Medicare is often associated with people over the age of 65.
But you may be surprised to learn that this federal health insurance program is also available to people with certain disabilities and End Stage Renal Disease, regardless of age.
Learn more about Medicare disability qualifications below.
The qualification for Medicare on the basis of a disability includes the following scenarios:
If you qualify for Original Medicare because of a disability, you may be eligible to enroll in a Part C or Part D plan. Those with End Stage Renal Disease usually can’t enroll in a Medicare Advantage plan.
A Medicare SNP is a certain type of Medicare Advantage plan that is designed for people who have a specific health condition or qualify for both Medicare and Medicaid.
For example, a Special Needs Plan designed for beneficiaries with congestive heart failure provides coverage for the type of prescription medication used to treat heart failure and will include a network of doctors who specialize in treating the condition.
To qualify for a Special Needs Plan, you must have Medicare Part A and B and meet one of the following qualifications:
The list of health conditions that may qualify you for a Special Needs Plan include:
Medicare Supplement Insurance, or Medigap, helps cover out-of-pocket costs that Original Medicare doesn't cover.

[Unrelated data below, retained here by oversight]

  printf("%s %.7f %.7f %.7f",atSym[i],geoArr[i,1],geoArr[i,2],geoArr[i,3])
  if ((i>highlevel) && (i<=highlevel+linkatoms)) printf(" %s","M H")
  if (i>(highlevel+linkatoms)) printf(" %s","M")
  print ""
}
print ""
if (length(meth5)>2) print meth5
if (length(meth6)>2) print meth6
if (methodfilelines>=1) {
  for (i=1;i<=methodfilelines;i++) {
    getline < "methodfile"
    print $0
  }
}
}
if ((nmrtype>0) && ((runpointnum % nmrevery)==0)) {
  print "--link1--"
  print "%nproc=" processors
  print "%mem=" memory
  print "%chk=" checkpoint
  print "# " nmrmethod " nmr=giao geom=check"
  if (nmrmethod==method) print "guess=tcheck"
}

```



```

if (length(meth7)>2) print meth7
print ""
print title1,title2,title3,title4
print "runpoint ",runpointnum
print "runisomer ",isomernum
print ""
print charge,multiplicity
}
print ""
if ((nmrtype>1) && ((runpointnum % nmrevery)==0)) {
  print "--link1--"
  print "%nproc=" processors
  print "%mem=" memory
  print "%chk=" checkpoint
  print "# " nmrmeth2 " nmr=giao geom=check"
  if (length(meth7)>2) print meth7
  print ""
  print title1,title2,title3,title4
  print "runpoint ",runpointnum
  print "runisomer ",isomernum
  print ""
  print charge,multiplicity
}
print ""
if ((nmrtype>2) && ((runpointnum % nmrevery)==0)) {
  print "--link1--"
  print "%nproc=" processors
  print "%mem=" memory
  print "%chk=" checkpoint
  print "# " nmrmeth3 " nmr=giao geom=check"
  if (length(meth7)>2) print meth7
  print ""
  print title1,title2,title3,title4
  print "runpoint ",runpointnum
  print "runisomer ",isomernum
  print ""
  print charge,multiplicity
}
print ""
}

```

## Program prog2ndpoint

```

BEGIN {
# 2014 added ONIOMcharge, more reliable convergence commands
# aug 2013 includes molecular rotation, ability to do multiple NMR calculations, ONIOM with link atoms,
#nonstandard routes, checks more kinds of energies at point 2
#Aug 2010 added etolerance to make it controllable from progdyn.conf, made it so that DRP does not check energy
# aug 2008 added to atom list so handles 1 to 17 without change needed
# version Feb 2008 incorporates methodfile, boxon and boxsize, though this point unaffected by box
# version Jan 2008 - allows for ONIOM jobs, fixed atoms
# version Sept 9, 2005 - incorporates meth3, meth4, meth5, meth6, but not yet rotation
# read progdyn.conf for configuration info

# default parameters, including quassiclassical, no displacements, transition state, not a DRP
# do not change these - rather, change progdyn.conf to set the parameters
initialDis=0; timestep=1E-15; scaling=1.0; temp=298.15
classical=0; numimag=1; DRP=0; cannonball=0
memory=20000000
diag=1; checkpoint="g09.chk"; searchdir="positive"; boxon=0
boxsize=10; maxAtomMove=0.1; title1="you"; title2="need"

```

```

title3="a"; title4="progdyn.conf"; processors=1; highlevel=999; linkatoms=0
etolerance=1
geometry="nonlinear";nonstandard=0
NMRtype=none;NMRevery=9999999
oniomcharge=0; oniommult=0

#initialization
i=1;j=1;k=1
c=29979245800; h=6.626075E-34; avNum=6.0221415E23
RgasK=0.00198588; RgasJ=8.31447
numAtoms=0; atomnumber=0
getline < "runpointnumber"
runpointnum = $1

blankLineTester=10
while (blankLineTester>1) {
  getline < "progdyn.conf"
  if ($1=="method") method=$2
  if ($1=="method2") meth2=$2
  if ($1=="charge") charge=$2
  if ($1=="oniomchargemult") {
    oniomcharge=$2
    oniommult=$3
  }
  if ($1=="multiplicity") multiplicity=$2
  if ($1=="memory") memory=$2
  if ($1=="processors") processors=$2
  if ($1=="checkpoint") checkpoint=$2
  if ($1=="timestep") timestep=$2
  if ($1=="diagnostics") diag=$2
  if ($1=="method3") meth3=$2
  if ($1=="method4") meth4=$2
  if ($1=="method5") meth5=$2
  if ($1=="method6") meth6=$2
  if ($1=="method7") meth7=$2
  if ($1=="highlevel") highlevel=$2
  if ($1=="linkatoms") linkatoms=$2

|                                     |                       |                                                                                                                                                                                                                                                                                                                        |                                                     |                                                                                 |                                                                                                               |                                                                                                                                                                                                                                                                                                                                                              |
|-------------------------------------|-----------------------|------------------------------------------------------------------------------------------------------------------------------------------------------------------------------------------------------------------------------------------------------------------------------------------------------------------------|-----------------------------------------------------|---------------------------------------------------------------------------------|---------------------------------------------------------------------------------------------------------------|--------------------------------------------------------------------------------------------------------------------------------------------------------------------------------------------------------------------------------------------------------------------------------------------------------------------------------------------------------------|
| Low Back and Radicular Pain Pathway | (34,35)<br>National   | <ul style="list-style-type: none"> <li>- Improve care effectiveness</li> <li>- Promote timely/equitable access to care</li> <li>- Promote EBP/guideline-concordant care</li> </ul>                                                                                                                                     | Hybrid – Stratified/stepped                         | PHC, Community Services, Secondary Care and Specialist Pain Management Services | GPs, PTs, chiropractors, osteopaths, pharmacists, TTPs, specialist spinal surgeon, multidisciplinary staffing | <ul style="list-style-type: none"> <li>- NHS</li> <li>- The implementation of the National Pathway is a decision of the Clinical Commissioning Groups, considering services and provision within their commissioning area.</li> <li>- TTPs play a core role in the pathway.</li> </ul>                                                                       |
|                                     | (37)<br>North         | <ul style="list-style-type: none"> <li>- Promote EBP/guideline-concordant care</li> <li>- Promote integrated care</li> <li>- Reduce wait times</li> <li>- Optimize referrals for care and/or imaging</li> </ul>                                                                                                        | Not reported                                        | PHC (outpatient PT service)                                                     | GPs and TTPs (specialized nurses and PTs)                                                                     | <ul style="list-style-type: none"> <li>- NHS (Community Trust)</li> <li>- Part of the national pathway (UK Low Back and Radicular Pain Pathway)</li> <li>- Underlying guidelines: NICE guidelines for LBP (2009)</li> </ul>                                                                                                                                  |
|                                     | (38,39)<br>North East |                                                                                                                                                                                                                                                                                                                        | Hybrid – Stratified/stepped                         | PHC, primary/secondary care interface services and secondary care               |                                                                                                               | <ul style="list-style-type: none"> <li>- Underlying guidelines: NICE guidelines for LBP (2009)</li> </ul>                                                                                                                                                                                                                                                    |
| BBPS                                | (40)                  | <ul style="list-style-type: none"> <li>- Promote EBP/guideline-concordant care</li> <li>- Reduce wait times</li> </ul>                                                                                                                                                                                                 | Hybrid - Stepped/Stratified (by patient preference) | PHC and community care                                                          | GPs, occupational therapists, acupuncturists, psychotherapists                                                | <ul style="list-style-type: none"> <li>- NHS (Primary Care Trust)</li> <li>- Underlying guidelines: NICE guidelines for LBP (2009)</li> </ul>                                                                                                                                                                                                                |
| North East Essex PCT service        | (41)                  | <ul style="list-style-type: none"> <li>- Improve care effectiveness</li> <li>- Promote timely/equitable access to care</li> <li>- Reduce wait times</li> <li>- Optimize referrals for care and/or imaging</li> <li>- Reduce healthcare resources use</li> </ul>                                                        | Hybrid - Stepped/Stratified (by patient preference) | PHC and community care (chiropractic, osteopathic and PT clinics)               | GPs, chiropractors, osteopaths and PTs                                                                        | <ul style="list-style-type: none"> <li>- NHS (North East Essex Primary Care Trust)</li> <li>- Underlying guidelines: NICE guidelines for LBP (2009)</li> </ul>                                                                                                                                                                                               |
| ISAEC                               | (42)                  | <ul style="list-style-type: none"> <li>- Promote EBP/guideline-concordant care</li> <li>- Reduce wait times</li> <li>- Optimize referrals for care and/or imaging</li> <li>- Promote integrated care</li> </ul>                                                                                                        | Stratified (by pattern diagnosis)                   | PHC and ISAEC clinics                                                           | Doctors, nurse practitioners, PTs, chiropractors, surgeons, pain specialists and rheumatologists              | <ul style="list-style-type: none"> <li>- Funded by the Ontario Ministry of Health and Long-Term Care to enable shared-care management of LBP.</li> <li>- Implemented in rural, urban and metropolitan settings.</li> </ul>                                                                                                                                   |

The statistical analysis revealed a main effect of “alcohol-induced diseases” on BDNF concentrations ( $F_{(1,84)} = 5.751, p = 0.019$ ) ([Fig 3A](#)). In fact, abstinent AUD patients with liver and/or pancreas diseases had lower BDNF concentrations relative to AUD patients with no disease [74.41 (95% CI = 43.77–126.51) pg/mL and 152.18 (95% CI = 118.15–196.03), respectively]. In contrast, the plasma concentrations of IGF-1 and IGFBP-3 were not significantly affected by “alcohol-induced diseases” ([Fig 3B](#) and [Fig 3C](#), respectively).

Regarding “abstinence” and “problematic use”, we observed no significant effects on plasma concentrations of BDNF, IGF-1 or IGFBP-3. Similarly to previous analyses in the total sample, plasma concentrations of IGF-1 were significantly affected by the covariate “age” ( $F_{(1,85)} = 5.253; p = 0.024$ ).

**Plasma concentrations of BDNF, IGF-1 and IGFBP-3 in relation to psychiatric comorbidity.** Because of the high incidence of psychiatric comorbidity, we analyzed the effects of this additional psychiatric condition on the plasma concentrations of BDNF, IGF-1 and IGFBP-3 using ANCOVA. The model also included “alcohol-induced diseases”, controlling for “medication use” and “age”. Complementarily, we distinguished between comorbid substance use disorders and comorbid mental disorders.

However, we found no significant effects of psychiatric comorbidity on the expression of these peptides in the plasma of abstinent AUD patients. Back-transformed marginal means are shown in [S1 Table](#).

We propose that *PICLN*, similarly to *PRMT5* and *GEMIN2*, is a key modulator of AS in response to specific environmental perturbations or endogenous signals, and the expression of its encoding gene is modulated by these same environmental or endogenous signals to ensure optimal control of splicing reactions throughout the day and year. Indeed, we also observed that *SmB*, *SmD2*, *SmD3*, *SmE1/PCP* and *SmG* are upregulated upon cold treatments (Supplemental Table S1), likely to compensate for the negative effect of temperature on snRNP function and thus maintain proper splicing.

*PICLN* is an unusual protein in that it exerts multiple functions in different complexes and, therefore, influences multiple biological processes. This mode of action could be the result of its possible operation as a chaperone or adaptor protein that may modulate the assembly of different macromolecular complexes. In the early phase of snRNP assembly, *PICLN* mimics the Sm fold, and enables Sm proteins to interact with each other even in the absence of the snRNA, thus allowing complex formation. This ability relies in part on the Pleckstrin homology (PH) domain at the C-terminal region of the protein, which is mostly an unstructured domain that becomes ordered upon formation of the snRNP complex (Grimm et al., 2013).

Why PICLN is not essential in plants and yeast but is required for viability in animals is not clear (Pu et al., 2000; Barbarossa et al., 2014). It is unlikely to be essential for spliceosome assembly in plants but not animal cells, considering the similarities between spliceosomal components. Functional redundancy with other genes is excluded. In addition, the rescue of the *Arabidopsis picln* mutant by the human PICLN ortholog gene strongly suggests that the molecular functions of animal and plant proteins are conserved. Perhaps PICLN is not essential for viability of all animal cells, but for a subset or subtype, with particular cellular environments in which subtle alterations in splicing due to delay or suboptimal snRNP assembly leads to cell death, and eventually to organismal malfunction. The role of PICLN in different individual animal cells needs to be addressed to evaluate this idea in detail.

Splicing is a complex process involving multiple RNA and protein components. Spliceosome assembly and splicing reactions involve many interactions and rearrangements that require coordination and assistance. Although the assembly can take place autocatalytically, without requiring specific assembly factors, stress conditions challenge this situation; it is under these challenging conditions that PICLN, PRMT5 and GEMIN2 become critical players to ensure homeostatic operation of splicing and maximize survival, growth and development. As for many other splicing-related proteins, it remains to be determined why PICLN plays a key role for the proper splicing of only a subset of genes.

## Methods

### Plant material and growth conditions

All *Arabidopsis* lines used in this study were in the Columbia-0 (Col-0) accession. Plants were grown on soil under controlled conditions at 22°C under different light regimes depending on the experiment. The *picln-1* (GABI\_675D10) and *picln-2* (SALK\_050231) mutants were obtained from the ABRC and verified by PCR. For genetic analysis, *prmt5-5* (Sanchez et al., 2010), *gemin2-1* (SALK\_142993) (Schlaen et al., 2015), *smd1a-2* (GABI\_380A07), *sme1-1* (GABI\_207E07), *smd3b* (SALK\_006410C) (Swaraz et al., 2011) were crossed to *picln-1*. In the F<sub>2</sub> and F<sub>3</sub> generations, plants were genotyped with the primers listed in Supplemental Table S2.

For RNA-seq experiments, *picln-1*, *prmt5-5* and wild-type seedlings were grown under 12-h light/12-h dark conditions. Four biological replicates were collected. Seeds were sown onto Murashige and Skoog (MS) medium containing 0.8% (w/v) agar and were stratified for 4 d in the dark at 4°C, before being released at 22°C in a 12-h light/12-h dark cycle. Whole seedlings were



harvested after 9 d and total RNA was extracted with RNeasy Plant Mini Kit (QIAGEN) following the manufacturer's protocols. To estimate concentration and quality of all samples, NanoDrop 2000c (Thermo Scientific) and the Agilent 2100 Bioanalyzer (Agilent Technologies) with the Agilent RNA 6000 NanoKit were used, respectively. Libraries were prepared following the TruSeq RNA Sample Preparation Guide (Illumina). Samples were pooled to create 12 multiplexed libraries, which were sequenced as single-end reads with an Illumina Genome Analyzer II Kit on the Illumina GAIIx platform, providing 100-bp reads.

These costs include things like deductibles, copayments and coinsurance.
Insurance companies are not required to sell Medigap to anyone under the age of 65 in most states, but some Medigap insurance companies may do so voluntarily.
Insurance companies that sell Medigap in the following states are required to make at least one Medigap plan available to people under 65 who qualify for Medicare because of a disability.
Yes, you may keep your Medicare coverage for as long as you are still considered medically disabled, even if you return to work.
If you obtain employer health insurance upon returning to work and your employer has fewer than 100 employees, Medicare will be the primary payer for your care.
That means Medicare will pay up to the limits of its coverage first, and then your employer insurance will contribute its share as the secondary payer.
If your employer has more than 100 workers, the employer insurance will serve as the primary payer and Medicare will be the secondary payer.
If you have any additional questions or wish to learn more about qualifying for Medicare because of a disability, call to connect with a licensed insurance agent today.
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